18th October 2018
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Islanders’ carbon footprint among the biggest in Britain, says new study

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The map shows the high domestic emissions in Shetland. Click on image to enlarge.

The map shows the high domestic emissions in Shetland. Click on image to enlarge.

Carbon dioxide emissions per head of population in Shetland are among the highest in Britain and almost double the Scottish average, according to damning new figures published by the UK government.

The report shows that the average Shetlander produced 13.7 tonnes of carbon dioxide in 2007, more than the average for people in every area of Scotland other than Falkirk and East Lothian. Household emissions for electricity grew faster than anywhere else in the country in the year to 2007, by two per cent.

Shetland’s total carbon dioxide emissions are estimated at 301,000 tonnes in 2005. But it still works out at nearly double the Scottish average of 7.8 tonnes of carbon dioxide per person and much greater than the 8.5 tonnes average for the UK population.

The figures were published this week by the Department for Energy and Climate Change in a report entitled “Local and Regional CO2 Emissions Estimates for 2005-2007 for the UK”, comparing every local authority area.

The Shetland tally is not skewed by emissions from Sullom Voe, which were effectively spread throughout the country and beyond in the survey because it looked only at the end use of products like oil and gas.

It is generally accepted that the colder, more exposed climate and the dispersed rural nature of the community means people have to spend more on heating their homes and getting from A to B. But the average figure of 13.7 tonnes is also significantly higher than for roughly equivalent locations such as Orkney and the Western Isles, which recorded 12.1 and 11.4 tonnes per person respectively.

The report shows that household carbon dioxide emissions for electricity use increased from a total of 57,000 tonnes to 58,000 tonnes year-on-year to 2007, comparing unfavourably with a fall from 6,524,000 tonnes to 6,440,000 tonnes in Scotland on the whole. The average Shetlander emits 2.64 tonnes of carbon dioxide through his/her use of domestic electricity each year, according to the statistics.

On the other hand, carbon dioxide emissions caused by industrial and commercial use are estimated to have fallen by nearly eight per cent, from 55,000 tonnes to 51,000 tonnes in the same time period.

Figures for carbon dioxide pollution from petrol and diesel to fuel cars and other vehicles have been fairly stable, totalling 47,000 tonnes in 2007 – and average of 2.14 tonnes per islander.

Carbon reduction officer for Shetland Amenity Trust Harriet Bolt said the report’s findings reaffirmed the importance of urgently reducing our carbon emissions. “Obviously our local climate and rural landscape leads to increased energy use through heating and transport, but other island communities such as Orkney and the Western Isles had much lower emissions per capita than us.

“Shetland has the highest percentage rise in emissions from the domestic sector over the whole of the UK, and reductions need to be made across our whole community, including industry.”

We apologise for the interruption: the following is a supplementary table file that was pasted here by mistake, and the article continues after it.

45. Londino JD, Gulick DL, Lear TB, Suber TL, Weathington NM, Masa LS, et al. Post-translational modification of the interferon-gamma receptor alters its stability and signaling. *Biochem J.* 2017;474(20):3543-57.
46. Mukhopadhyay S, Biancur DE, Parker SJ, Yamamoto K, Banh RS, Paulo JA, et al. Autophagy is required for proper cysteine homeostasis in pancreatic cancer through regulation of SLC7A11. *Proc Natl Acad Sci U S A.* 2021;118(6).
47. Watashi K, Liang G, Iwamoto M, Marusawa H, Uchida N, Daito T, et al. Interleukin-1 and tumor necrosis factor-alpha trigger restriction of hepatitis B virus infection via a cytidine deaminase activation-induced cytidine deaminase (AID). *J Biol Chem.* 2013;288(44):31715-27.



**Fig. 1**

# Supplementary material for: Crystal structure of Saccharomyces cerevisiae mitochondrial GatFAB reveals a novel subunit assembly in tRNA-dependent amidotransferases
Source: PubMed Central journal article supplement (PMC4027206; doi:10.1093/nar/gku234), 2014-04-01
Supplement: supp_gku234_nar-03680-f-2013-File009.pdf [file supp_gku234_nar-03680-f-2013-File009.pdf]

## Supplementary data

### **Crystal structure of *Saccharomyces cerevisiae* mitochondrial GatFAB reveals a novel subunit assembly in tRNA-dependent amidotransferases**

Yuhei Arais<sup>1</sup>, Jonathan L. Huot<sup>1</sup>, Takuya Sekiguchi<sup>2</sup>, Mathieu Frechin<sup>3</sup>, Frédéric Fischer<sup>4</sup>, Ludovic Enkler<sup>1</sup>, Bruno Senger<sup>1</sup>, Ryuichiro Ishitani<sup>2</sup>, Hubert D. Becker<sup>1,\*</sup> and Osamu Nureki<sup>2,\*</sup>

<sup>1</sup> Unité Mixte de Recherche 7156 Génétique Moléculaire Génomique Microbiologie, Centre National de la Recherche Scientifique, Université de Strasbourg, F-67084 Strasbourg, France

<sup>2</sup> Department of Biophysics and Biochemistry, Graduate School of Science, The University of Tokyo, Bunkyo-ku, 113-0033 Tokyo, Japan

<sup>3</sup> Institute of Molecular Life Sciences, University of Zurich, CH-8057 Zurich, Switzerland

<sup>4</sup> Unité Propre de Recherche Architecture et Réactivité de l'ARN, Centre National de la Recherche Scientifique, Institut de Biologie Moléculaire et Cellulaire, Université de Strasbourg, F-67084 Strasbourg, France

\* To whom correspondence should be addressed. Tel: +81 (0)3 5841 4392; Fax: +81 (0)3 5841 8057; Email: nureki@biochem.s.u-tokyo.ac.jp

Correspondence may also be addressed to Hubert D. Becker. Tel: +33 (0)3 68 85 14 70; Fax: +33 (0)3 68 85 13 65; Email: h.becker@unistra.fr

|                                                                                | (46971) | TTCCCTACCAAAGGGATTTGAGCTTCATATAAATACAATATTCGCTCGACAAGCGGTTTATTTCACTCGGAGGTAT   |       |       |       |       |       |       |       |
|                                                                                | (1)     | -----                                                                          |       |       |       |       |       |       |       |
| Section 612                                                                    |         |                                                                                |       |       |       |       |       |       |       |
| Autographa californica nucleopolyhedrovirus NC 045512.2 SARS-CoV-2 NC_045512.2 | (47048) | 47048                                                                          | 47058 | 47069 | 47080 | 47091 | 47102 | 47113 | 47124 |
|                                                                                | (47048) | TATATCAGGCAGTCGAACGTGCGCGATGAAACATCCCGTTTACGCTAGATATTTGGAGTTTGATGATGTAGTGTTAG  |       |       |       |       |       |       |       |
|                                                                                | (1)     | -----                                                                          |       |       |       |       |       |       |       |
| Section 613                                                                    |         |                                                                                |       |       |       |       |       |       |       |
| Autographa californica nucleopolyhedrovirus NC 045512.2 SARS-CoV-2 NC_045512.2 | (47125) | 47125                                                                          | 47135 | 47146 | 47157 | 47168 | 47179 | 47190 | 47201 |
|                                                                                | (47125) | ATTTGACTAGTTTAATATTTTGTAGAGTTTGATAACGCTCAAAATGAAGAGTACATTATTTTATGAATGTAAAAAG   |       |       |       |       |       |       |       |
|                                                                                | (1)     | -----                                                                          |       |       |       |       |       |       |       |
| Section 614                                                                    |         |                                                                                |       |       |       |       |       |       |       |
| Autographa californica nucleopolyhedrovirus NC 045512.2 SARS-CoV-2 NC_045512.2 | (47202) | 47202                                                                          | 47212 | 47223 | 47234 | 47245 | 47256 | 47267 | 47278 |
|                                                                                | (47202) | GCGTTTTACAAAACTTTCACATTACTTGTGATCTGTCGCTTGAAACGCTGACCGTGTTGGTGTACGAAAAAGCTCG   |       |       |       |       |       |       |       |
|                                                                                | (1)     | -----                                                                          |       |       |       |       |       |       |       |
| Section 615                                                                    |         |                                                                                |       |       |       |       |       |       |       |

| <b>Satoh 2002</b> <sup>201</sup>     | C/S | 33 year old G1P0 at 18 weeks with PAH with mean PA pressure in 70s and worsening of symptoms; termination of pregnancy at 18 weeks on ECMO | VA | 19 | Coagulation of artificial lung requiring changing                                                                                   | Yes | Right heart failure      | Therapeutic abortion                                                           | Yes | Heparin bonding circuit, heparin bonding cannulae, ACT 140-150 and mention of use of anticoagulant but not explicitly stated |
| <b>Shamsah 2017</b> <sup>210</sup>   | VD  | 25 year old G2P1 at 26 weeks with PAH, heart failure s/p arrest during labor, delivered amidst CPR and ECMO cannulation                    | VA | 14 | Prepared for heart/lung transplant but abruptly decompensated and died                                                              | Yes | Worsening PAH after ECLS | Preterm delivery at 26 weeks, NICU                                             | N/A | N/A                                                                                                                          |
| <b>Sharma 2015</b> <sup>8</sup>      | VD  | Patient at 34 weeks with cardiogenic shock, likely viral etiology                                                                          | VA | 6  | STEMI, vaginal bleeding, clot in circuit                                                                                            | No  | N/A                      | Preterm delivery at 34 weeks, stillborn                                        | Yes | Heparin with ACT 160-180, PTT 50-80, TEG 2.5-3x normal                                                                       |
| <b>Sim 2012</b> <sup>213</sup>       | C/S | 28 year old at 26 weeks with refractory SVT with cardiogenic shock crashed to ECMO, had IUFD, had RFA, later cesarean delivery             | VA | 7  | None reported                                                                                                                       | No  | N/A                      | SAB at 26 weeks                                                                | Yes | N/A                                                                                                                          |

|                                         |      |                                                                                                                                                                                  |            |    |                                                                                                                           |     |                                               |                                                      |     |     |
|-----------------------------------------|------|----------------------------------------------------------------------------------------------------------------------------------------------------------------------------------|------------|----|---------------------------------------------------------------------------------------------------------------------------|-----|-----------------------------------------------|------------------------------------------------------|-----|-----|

But isles MSP Tavish Scott claimed the study’s findings were questionable. “I just don’t believe it,” he said. “It’s hard to imagine that our level of emissions is as high as this report indicates. It must be that rural and isolated areas are more difficult to monitor and accurately assess than big areas like Glasgow and Dunblane.”

The study suggests that, while aggregate changes in land use in Scotland have cut carbon dioxide emissions, in Shetland that figure rose from 175,000 to 177,000 tonnes of carbon dioxide between 2006 and 2007. However those particular figures come with a strong health warning. Scientists admitted that while the numbers on land use change were accurate at a national level, “very little data is collected at local authority level”.

A full version of this story is available in this week’s Shetland Times.

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One comment

  1. I’ve been mulling this over for a while, so sorry for such a late comment to a still topical issue.

    If Shetland has the most efficient wind turbines in the world at Burradale (fair play to them), and these turbines produce “up to 20%” of our electricity needs, why hasn’t our domestic electricity CO2 output fallen?

    Is it the case that 20% of wind derived electricity onto the local grid is not displacing as much fossil fuel as the theorerical model suggests?

    Shetland is in a great position to find out what works and what doesn’t in looking at ways to reduce CO2 output. The SSE owned – bunker oil burning – power station in Lerwick and gas burning power station at Sullom Voe know to the exact tonne how much fuel they have used over the last 10 years.
    The big question is, how much fuel have we really saved? The answer to that could help guide the future energy policy of not just Shetland but the whole of the UK. Reducing energy consumption, reducing the waste of finite resources is a bigger part of the solution than simply increasing overall generation capacity.
    Increasing generation capacity (from any source) is like buying bigger clothes to combat obesity.

    Reply

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